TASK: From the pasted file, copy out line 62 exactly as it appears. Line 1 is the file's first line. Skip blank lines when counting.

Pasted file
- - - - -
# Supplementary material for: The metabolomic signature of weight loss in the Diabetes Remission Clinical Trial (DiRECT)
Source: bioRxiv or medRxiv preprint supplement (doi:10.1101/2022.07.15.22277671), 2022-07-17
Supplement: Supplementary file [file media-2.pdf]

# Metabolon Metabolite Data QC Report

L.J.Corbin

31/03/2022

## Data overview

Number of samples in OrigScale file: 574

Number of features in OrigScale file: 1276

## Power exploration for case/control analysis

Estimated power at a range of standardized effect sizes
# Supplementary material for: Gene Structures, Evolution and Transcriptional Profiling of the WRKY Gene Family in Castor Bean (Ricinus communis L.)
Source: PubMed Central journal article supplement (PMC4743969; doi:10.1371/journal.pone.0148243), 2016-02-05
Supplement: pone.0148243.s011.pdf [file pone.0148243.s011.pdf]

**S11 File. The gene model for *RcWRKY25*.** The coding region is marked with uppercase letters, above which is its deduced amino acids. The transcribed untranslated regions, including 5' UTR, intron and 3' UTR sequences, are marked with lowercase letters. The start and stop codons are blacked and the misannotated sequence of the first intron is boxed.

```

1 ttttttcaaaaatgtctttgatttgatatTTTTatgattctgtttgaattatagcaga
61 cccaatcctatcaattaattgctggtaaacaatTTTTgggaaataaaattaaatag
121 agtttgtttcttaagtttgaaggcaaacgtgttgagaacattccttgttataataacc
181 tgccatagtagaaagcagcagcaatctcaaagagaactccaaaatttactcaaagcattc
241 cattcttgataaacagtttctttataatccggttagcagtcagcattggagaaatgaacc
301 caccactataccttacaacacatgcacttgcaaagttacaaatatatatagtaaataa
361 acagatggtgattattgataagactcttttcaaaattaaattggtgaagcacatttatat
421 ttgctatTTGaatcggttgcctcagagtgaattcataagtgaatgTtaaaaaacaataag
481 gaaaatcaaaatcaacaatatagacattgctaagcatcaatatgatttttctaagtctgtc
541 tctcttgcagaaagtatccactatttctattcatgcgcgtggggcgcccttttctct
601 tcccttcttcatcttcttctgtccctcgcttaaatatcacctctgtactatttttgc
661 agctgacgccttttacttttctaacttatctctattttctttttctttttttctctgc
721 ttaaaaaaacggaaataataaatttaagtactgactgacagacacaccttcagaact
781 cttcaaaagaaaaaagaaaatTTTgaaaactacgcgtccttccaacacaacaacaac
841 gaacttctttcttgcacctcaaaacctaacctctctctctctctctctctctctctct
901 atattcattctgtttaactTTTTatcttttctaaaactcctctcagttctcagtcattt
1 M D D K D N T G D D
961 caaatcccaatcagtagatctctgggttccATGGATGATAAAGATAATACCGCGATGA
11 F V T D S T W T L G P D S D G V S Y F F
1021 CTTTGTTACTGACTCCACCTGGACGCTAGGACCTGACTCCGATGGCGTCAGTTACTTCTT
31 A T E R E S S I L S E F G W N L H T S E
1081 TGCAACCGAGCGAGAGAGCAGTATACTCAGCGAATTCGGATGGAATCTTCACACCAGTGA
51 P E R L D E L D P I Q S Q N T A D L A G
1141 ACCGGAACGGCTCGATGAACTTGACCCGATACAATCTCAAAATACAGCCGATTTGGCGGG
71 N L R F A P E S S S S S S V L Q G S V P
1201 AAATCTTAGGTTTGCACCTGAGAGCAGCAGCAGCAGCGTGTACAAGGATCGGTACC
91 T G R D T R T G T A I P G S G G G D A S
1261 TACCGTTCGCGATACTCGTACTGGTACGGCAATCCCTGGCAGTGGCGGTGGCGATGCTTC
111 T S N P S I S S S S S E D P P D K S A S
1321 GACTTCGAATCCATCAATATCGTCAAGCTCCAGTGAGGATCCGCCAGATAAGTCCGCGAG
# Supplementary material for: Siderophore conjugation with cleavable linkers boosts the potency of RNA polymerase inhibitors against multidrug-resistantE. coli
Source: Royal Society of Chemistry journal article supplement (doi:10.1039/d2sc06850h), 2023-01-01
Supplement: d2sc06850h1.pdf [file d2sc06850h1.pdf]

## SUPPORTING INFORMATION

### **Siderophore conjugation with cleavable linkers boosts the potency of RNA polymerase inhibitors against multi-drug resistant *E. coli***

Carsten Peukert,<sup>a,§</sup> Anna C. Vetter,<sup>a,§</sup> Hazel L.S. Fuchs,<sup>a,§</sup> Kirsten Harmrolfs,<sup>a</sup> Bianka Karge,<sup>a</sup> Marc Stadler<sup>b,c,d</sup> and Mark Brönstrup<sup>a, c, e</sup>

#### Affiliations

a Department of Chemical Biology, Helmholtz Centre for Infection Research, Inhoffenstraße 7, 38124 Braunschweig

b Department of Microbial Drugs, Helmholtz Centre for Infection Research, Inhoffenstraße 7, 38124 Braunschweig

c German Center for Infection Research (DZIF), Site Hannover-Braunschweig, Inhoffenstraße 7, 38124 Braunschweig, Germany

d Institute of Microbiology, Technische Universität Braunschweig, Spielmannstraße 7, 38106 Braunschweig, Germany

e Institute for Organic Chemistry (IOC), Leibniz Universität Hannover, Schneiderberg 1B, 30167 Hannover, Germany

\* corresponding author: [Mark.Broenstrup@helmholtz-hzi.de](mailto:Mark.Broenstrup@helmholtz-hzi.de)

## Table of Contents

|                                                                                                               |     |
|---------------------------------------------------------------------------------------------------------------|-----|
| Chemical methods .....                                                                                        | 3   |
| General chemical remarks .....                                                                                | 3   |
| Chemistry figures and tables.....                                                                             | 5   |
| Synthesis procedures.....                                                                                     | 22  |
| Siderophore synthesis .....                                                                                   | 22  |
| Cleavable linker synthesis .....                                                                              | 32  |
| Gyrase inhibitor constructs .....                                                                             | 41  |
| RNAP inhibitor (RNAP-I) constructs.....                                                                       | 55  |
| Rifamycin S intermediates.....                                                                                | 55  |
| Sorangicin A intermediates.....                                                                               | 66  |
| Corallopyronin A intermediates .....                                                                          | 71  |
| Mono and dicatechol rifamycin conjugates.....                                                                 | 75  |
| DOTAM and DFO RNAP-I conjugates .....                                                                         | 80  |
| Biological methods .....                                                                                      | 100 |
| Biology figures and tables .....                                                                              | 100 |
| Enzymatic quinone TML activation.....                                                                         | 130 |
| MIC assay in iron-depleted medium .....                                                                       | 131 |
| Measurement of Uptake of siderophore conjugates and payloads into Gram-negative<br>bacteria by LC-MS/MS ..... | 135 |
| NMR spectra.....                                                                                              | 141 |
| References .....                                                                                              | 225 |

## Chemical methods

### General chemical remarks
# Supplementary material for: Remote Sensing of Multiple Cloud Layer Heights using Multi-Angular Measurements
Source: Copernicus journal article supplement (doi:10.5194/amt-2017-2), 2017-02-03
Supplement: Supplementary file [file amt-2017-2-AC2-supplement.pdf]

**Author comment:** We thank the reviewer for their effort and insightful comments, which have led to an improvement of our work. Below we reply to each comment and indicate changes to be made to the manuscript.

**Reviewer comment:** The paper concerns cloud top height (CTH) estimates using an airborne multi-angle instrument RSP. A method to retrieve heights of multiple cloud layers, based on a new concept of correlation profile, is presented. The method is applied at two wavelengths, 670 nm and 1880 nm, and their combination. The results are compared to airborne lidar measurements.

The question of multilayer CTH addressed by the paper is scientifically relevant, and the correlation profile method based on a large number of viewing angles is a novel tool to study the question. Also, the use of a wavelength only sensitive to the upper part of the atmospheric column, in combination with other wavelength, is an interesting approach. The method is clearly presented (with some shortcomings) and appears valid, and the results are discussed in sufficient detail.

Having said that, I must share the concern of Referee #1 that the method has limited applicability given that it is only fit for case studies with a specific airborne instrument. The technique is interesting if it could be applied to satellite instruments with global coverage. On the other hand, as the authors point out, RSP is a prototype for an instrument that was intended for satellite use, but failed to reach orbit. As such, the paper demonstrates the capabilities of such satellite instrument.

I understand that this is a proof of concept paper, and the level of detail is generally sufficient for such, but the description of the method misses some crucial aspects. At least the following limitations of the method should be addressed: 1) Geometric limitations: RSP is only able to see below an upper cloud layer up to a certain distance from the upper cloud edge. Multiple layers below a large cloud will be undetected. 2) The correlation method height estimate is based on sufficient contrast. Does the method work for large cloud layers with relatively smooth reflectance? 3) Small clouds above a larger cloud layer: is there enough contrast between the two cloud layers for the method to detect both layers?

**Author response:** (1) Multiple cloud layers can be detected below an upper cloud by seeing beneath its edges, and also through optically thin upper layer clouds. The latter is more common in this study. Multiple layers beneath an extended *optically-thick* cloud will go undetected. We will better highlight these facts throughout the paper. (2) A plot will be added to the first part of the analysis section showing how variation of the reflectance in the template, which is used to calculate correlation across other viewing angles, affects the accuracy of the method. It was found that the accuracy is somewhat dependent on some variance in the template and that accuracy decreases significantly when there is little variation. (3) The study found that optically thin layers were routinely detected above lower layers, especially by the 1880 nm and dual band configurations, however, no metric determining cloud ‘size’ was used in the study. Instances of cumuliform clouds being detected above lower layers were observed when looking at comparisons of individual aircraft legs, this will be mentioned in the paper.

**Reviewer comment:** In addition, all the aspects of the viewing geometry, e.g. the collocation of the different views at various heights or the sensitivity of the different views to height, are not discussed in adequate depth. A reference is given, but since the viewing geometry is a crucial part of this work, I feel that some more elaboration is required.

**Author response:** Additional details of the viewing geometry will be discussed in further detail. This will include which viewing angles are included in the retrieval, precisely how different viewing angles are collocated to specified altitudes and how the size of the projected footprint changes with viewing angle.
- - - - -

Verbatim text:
|---------------------------------------------------------------------------------------------------------------|-----|